Lakers Q&A: Quin Snyder explains importance of pick and roll
This continues a series of Q&As with members of Mike Brown's coaching staff.
Below is an email exchange with Lakers assistant coach Quin Snyder, former head coach with the University of Missouri. This is the first of a three-part Q&A with Snyder.
During your interview with Brown, what points did you emphasize?
I wanted to show him that I could fill any need on the staff, whether it’s on the side of player development, scouting, game preparation or execution in practice. An assistant coach has to wear a lot of hats, but our primary job is to support the head coach and the players. You have to be prepared to do that in any given situation.
How did sell yourself in the job interview?
I brought plenty of examples of things that I have done, everything from scouting reports, game preparation and hundreds of practice plans that I made when I was a head coach. I also showed him my pick and roll analysis. I think pick and roll offense and defense are fundamentally important in the NBA. It’s something I wrote an article on a while ago in FIBA Assist Magazine. I wanted to show him that and emphasize it, because of the high percentage of possessions that have pick and roll in them.
I also had examples of philosophical things that I felt both about offense and defense. The fact that I have opinions was something that I wanted him to know, and that I would be willing to offer my opinion and defend it even when there was disagreement. To do that in the right kind of way will hopefully add value. I wanted him to know that I was serious and really wanted the job and maybe that was the biggest thing.
What role does Brown want you to take on his coaching staff?
Both players' roles and coaches' roles evolve. As Coach Brown learns where certain coaches have strengths, what they gravitate toward, or what the needs of the team are, those roles will evolve. So many things can influence one’s role for both players and coaches, such as off-season signings, injuries or different match-ups. I think I’m prepared for any role. Coach Brown will decide which ones make more sense.
You first worked with Brown when you were his assistant for the NBA’s Basketball Without Borders program in Johannesburg, South Africa, in 2006. What did you notice about him as a coach?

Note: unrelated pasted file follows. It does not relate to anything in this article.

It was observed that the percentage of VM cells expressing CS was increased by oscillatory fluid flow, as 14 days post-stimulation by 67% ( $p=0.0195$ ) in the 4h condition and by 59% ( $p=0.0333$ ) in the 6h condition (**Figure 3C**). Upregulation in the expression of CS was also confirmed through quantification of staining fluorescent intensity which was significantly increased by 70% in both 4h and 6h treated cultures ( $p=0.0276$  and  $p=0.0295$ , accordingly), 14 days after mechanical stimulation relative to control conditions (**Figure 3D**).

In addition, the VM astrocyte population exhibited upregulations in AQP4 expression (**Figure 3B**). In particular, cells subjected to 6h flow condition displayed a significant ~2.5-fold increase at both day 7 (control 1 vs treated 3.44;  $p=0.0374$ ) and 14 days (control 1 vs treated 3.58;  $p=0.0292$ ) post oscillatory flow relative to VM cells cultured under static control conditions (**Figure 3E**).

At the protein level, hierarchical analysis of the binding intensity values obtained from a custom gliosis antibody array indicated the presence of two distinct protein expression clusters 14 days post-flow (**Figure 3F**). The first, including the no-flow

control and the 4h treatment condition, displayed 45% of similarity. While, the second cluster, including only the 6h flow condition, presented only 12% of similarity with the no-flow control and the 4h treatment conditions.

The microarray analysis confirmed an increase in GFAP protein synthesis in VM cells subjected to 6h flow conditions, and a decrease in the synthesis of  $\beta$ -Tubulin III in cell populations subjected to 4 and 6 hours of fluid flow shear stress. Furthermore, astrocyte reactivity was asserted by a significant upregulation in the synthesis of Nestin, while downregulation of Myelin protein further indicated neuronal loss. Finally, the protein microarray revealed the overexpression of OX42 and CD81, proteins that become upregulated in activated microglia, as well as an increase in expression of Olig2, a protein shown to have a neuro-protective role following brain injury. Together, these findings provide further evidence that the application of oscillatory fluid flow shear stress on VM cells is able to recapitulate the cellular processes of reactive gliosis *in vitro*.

I was there the day before he got there so I was responsible for drafting our team and I coached the team the first day. The first thing he told me when he got there was, ‘Hey, I let my assistants coach.’ I really remember that statement and it’s neat that I can look back at that seeing where we are now.
Talking with Danny Ferry and John Kuester about their time together in Cleveland, I know that [Brown] gives guys responsibility and demands things from them. As an assistant coach, that’s something you really appreciate.
The Lakers have a talented and veteran-laden roster with championship experience. How do you earn their trust and get them to buy into your philosophies?
Trust takes time. If you think you are going to show up the first day and have their trust, you’re wrong. There has to be a willingness to trust and sometimes you have to take a jump first; the basis for that is respect. If players see that you are respectful of them, appreciate who they are and have respect for knowledge of the game, then those things can evolve into trust. As far as them buying into philosophies, it’s really about winning. Philosophies change based on the players and how a team evolves. So I think that’s a challenge for any coaching staff and for any team.
-- Mark Medina
Email the Lakers blog at firstname.lastname@example.org
Top photo: Quin Snyder, then-head coach at the University of Missouri, instructs his team during a game against Ohio State in Round 2 of the NCAA Division I West Regional in March 2002. Credit: Adrees Latif / Reuters
Middle photo: Lakers coach Mike Brown during his introductory news conference in El Segundo in May. Credit: Wally Skalij / Los Angeles Times.